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24 Hours to Save Ecole Connaught Community School

24 Hours to Save Ecole Connaught Community School
  
  

 

Why this is important to me

One of Canada’s most historic public schools – Connaught School, located in the heart of Regina’s Cathedral Village – is facing demolition and replacement with a ‘modern’ open concept school.

The public school board kept the recommendation hidden from public view until Friday at 4:30 p.m., when it appeared on the agenda for their next Tuesday board meeting – leaving just a few days for the public to know what the plan is.

We have 24 hours to convince the board to stop their headlong rush to the wrecking ball.
The Regina Public School Board will consider this recommendation at its Tuesday, February 26 meeting:

That, in order to satisfy the Ministry of Education’s requirements for advancing to Stage 2/3 in the provincial capital planning process, and based upon the information and options outlined in the State 1 Facility Study (dated May 31, 2012) and in consideration of the Ministry directive to provide “the most economically viable long term solution that is equitable and ensures the provision of sustainable educational programming and infrastructure in the neighbourhood,” the Ministry of Education be advised of the Board’s preference to pursue the rebuild of École Connaught Community School (incorporating major heritage elements from the existing building) on either the current site or, dependent upon current site limitations, on an alternate suitable site located in the École Connaught Community School attendance area.”


The main concern:

Basically, a decision is being made about a major public asset without serious study of alternatives, or consideration of the value of historic schools to student learning and community cohesion. A decision to demolish or significantly alter a nationally significant historical site and highly regarded learning/community space should not be made in haste with insufficient information. New rebuilds are not suitable for all kids, especially kids with learning difficulties. The kids like their school!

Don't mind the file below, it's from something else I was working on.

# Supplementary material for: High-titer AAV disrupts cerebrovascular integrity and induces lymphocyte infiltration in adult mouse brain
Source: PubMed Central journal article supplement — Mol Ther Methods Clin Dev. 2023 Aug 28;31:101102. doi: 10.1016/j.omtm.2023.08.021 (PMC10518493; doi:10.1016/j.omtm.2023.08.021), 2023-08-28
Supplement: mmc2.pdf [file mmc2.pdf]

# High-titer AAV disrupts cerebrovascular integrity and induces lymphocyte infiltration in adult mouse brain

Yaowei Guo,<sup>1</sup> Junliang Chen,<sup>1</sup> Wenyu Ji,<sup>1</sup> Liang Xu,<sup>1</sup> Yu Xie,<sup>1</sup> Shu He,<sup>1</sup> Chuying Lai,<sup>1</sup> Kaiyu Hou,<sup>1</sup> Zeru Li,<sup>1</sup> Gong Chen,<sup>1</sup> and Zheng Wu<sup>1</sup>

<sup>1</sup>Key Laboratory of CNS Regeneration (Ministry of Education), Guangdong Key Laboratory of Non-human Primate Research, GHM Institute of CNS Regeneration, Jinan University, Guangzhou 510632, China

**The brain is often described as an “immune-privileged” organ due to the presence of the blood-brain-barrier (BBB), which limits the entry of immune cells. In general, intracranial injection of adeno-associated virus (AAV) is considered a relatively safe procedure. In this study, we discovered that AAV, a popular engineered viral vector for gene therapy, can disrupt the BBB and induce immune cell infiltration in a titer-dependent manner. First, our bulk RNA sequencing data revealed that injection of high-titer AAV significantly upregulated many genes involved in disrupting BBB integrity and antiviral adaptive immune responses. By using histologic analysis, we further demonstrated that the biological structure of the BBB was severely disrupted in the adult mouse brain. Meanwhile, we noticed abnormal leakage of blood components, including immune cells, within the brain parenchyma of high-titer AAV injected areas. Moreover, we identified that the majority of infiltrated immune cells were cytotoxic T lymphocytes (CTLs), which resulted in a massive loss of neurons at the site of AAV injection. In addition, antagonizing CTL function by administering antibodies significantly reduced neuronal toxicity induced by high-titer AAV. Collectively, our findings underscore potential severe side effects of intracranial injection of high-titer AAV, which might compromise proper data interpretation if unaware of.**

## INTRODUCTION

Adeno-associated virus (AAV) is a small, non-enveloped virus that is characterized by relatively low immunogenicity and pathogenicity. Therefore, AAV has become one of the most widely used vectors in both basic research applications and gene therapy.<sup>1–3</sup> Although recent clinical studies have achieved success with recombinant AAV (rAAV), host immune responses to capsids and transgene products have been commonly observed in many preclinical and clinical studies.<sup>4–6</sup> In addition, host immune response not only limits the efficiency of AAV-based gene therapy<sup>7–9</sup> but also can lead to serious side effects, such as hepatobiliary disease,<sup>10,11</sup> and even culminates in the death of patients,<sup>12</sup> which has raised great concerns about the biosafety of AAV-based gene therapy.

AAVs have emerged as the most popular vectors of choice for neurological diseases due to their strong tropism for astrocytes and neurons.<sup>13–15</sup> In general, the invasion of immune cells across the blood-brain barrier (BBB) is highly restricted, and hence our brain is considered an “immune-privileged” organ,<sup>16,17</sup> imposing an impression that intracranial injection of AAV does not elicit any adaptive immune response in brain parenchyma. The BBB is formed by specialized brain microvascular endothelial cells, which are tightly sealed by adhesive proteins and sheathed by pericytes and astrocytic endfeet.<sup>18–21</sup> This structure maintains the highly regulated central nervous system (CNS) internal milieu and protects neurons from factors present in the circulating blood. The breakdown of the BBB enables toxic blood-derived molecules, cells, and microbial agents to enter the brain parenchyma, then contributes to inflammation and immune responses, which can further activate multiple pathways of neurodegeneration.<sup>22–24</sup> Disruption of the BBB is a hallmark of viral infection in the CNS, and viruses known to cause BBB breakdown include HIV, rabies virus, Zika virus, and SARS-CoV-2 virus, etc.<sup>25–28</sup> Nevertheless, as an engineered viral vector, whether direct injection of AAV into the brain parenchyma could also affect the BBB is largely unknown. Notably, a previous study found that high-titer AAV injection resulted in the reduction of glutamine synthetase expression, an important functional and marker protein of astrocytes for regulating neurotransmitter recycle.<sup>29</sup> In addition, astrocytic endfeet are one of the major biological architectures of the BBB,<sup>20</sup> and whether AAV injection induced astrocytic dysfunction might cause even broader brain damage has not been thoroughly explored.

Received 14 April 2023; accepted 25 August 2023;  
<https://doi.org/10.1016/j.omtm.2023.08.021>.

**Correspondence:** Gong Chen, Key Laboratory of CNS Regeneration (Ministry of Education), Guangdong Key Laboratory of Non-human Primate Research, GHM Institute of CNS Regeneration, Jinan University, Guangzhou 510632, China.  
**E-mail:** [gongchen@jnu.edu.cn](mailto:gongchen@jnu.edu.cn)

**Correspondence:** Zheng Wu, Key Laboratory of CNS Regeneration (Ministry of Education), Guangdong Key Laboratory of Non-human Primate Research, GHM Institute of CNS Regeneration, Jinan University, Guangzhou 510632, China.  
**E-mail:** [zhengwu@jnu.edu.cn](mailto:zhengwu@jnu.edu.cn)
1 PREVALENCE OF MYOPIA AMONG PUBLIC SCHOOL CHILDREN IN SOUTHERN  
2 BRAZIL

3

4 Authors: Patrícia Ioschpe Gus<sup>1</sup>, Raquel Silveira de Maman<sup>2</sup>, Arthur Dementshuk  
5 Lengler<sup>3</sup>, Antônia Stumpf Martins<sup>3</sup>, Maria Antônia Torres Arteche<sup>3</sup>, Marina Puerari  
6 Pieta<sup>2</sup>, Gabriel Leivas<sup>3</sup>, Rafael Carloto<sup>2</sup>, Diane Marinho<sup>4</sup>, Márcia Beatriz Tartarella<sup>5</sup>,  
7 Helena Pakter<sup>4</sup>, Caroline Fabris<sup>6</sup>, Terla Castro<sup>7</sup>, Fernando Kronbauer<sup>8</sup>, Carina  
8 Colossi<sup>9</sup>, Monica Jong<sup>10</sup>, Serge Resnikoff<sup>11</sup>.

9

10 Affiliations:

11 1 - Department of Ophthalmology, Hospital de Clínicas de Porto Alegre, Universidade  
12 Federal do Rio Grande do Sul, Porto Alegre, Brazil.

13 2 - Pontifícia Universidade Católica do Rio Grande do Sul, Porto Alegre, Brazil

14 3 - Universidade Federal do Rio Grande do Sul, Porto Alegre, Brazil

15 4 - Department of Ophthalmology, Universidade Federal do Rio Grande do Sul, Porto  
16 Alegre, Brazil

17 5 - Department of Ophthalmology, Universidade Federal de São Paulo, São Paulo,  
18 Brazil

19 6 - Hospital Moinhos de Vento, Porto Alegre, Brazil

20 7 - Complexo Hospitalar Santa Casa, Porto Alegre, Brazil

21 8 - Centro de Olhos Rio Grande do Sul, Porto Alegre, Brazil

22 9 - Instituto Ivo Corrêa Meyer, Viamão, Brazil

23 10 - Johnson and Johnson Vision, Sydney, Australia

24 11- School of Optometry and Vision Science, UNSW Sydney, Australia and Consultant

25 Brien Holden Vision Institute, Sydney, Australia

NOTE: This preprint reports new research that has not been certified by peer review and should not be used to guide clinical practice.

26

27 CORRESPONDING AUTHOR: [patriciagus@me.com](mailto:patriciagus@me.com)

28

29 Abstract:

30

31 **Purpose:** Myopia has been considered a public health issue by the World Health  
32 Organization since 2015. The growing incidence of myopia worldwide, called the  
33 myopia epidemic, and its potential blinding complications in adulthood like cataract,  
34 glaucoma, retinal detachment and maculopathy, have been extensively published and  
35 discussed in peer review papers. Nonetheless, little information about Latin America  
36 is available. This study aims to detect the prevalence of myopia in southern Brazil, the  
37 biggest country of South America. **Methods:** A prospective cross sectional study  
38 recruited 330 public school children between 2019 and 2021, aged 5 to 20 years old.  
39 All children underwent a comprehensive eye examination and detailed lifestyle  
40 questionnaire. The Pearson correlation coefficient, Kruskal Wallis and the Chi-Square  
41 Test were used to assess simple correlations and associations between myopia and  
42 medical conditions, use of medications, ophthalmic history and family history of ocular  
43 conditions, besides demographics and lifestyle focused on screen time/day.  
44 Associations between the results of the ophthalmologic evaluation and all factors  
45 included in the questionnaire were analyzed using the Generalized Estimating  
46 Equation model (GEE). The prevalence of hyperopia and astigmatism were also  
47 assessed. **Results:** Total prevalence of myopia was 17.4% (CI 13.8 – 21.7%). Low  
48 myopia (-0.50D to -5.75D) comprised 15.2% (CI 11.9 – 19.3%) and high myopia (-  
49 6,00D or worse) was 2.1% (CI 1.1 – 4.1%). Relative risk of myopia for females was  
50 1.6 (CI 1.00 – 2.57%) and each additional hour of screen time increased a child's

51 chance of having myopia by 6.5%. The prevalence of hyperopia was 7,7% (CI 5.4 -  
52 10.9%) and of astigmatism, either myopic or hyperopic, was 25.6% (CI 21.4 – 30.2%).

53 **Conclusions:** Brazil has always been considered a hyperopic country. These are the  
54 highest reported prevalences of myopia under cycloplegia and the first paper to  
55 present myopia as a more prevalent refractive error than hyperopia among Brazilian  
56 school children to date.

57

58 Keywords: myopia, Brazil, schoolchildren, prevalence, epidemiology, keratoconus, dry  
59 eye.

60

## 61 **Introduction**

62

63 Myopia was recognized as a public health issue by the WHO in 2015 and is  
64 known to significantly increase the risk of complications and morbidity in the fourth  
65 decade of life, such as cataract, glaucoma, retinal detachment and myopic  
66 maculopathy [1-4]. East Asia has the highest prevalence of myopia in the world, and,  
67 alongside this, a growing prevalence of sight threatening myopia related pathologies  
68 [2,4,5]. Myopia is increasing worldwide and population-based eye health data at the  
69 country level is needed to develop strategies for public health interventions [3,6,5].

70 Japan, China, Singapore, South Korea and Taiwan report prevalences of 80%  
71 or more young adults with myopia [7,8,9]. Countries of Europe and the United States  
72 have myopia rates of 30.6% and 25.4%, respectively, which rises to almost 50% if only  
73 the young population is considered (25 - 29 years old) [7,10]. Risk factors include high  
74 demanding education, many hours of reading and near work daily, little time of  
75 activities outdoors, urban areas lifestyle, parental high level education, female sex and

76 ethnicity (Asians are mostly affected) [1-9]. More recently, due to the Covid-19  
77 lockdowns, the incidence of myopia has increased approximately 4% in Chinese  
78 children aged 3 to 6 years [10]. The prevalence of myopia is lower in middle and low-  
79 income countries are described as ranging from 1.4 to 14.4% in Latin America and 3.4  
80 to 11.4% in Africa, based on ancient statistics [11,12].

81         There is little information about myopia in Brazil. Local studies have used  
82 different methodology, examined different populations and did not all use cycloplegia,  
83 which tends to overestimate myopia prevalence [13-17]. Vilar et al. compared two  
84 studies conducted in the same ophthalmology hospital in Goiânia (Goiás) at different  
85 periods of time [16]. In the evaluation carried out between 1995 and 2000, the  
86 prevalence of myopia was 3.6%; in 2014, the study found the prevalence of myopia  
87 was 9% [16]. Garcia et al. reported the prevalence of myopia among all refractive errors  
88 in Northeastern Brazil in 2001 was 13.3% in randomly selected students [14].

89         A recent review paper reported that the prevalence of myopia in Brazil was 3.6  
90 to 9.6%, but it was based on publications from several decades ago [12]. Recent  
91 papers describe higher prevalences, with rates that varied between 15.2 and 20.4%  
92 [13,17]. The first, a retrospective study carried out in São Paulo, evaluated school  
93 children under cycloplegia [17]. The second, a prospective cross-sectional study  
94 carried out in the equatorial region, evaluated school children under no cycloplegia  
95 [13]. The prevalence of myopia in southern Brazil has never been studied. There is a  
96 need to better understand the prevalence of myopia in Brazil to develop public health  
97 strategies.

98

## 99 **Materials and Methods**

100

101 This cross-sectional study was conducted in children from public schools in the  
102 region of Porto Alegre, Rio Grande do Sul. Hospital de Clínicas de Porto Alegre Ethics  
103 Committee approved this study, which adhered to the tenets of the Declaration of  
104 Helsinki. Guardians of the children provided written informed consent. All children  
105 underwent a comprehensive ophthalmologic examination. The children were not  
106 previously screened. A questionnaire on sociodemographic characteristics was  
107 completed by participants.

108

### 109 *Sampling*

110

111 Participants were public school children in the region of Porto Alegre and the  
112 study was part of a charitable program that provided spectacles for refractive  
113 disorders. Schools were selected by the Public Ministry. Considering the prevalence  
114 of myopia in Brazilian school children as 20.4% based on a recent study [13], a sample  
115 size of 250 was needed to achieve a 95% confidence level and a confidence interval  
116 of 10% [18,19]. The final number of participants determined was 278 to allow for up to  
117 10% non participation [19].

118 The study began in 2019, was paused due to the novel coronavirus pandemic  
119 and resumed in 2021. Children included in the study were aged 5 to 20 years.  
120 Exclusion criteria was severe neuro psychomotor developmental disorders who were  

Some good questions:

Last May, the board’s engineering consultant wrote, “prior to any decision regarding proceeding with a renewal process, we recommend that a more detailed investigation program be undertaken to assess the condition of the building structure.” Where is the investigation?

In a report titled Initial Assessment (note the word ‘initial’) the board’s heritage consultant recommended a “full heritage conservation plan” be completed to allow rational decision-making about the future of the school. Where is the plan?

In April the Connaught School Community Council asked the board for a decision flowchart that “included major decision points and major consultation opportunities.” Why did the board carry on discussions behind the scenes, and hide the most major decision item of all until the last possible minute?

According to best practice guidelines laid out by the U.S. National Trust, a feasibility study on school renovation/reconstruction should never be led by a firm that might bid on the project. Where is our independent audit of construction and design estimates?

Community members have called for a non-market valuation of the existing building, including calculation of heritage value. The heritage consultant also recommended this in a meeting with the school council. Why has this important study not been done?